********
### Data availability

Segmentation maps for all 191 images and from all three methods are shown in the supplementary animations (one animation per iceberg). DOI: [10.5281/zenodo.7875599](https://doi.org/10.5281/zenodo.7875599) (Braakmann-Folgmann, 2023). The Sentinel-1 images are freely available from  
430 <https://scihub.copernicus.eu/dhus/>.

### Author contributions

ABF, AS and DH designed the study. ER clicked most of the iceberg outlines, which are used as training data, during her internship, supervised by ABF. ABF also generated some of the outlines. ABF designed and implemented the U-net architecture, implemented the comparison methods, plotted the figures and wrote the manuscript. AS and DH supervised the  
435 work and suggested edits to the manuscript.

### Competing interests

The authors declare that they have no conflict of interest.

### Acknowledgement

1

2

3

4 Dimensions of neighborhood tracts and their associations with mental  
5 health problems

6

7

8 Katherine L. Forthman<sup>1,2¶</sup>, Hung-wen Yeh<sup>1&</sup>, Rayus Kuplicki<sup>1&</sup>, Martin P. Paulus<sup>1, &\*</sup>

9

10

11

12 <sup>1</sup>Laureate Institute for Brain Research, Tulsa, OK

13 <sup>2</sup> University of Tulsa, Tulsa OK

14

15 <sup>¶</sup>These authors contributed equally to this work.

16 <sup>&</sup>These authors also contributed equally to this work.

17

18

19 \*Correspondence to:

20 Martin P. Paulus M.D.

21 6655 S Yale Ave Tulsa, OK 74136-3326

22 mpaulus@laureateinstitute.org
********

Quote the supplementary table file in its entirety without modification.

### Data availability

Segmentation maps for all 191 images and from all three methods are shown in the supplementary animations (one animation per iceberg). DOI: [10.5281/zenodo.7875599](https://doi.org/10.5281/zenodo.7875599) (Braakmann-Folgmann, 2023). The Sentinel-1 images are freely available from  
430 <https://scihub.copernicus.eu/dhus/>.

### Author contributions

ABF, AS and DH designed the study. ER clicked most of the iceberg outlines, which are used as training data, during her internship, supervised by ABF. ABF also generated some of the outlines. ABF designed and implemented the U-net architecture, implemented the comparison methods, plotted the figures and wrote the manuscript. AS and DH supervised the  
435 work and suggested edits to the manuscript.

### Competing interests

The authors declare that they have no conflict of interest.

### Acknowledgement

1

2

3

4 Dimensions of neighborhood tracts and their associations with mental  
5 health problems

6

7

8 Katherine L. Forthman<sup>1,2¶</sup>, Hung-wen Yeh<sup>1&</sup>, Rayus Kuplicki<sup>1&</sup>, Martin P. Paulus<sup>1, &\*</sup>

9

10

11

12 <sup>1</sup>Laureate Institute for Brain Research, Tulsa, OK

13 <sup>2</sup> University of Tulsa, Tulsa OK

14

15 <sup>¶</sup>These authors contributed equally to this work.

16 <sup>&</sup>These authors also contributed equally to this work.

17

18

19 \*Correspondence to:

20 Martin P. Paulus M.D.

21 6655 S Yale Ave Tulsa, OK 74136-3326

22 mpaulus@laureateinstitute.org